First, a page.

The Loop Drive is a beautiful setting for a bicycle ride, thickly lined with live oaks, hickory trees and native palms. There are bicycle racks at most trailheads (bikes are prohibited on the nature trails themselves).

The park also has six miles of off-road trails for bicycles.

The family campground at Highlands Hammock State Park

Just past the entrance to the park, veer off the main road towards the campground, which lies in a forest of live oaks, whose interwoven branches created a sweeping canopy.

Huddled underneath that canopy are the family campground’s 114 RV & tent sites and 11 tent-only sites.

Campground at Highlands Hammock State Park
Campground is shady at Highlands Hammock State Park. (Photo by Bob Rountree)

The campground is beautiful, and quite large, although the sites themselves are small and seemed close together. There weren’t many campers when I visited, so as a practical matter, it didn’t look too crowded and everyone had ample distance between them.

But I could see where, on a busy weekend, you could feel the squeeze. I should note that the campground was lacking in low growth for privacy. Still, the setting was beautiful.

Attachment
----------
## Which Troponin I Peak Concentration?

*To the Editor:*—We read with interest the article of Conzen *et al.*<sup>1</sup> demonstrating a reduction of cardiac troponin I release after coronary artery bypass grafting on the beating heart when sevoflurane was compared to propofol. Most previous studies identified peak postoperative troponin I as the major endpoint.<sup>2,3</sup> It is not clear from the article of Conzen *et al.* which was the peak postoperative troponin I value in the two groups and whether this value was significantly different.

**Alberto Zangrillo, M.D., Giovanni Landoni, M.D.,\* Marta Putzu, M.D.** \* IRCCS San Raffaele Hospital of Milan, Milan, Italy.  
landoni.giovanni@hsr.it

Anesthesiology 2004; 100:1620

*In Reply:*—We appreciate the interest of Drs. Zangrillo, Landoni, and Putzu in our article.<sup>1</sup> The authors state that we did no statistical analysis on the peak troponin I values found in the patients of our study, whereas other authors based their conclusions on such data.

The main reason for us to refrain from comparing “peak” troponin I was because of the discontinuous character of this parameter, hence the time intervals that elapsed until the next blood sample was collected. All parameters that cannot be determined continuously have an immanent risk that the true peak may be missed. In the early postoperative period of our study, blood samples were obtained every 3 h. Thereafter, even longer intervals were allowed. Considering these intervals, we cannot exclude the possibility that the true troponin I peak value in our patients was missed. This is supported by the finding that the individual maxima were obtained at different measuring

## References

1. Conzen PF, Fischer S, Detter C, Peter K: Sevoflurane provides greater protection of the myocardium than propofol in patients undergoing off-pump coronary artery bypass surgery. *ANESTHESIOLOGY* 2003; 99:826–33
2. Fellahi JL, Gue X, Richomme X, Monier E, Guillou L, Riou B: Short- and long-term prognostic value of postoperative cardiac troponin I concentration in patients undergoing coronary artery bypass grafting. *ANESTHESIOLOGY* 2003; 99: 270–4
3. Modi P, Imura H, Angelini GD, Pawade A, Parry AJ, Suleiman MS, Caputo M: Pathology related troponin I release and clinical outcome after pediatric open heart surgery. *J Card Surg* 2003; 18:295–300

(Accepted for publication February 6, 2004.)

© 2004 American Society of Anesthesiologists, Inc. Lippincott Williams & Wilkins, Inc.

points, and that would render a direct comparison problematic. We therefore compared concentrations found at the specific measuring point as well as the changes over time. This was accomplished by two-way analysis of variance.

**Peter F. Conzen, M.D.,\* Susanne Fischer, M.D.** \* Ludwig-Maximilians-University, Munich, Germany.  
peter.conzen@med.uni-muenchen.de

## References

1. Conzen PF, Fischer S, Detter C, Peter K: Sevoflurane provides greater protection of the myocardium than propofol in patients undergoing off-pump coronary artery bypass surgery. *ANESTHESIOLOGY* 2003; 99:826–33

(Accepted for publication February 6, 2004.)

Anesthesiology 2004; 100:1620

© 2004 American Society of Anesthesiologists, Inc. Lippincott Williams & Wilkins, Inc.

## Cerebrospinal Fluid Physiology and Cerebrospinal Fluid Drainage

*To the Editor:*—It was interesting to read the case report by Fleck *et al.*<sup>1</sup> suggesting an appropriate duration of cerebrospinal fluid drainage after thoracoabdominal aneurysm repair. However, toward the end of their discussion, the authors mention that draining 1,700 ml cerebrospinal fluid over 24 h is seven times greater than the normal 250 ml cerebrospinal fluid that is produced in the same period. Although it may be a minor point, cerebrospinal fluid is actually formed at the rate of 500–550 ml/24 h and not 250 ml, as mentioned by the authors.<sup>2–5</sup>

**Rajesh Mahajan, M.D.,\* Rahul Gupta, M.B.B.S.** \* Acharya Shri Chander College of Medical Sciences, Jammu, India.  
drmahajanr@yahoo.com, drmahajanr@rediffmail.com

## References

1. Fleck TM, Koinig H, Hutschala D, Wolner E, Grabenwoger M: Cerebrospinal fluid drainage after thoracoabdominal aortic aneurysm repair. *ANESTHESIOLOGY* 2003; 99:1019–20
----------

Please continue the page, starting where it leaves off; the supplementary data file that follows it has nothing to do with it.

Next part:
Each site in the family campground has water and electric hookups, rest rooms with showers, and one building has a drive-up laundry. Almost every site is covered in shade, though some allow enough sky for an RV’s satellite dish to peak through the canopy.

Deer and other wildlife frequently visit the campground, as you might expect in a forest.

Sites are $22 per night (2020), plus a nonrefundable reservation fee of $6.70 per booking. Electricity and water is included. As with all state parks, reservations can be made up to 11 months in advance. Call 1-800-326-3521. Pets OK.

Wilderness campsites in Highlands Hammock State Park

There are 16 wilderness tent sites to which you can drive. Each site has a fire ring, picnic table and a single pit toilet serving all. Some of these primitive sites will accommodate tent trailers.

These primitive sites are $18 per night plus the $6.70 reservation fee per booking.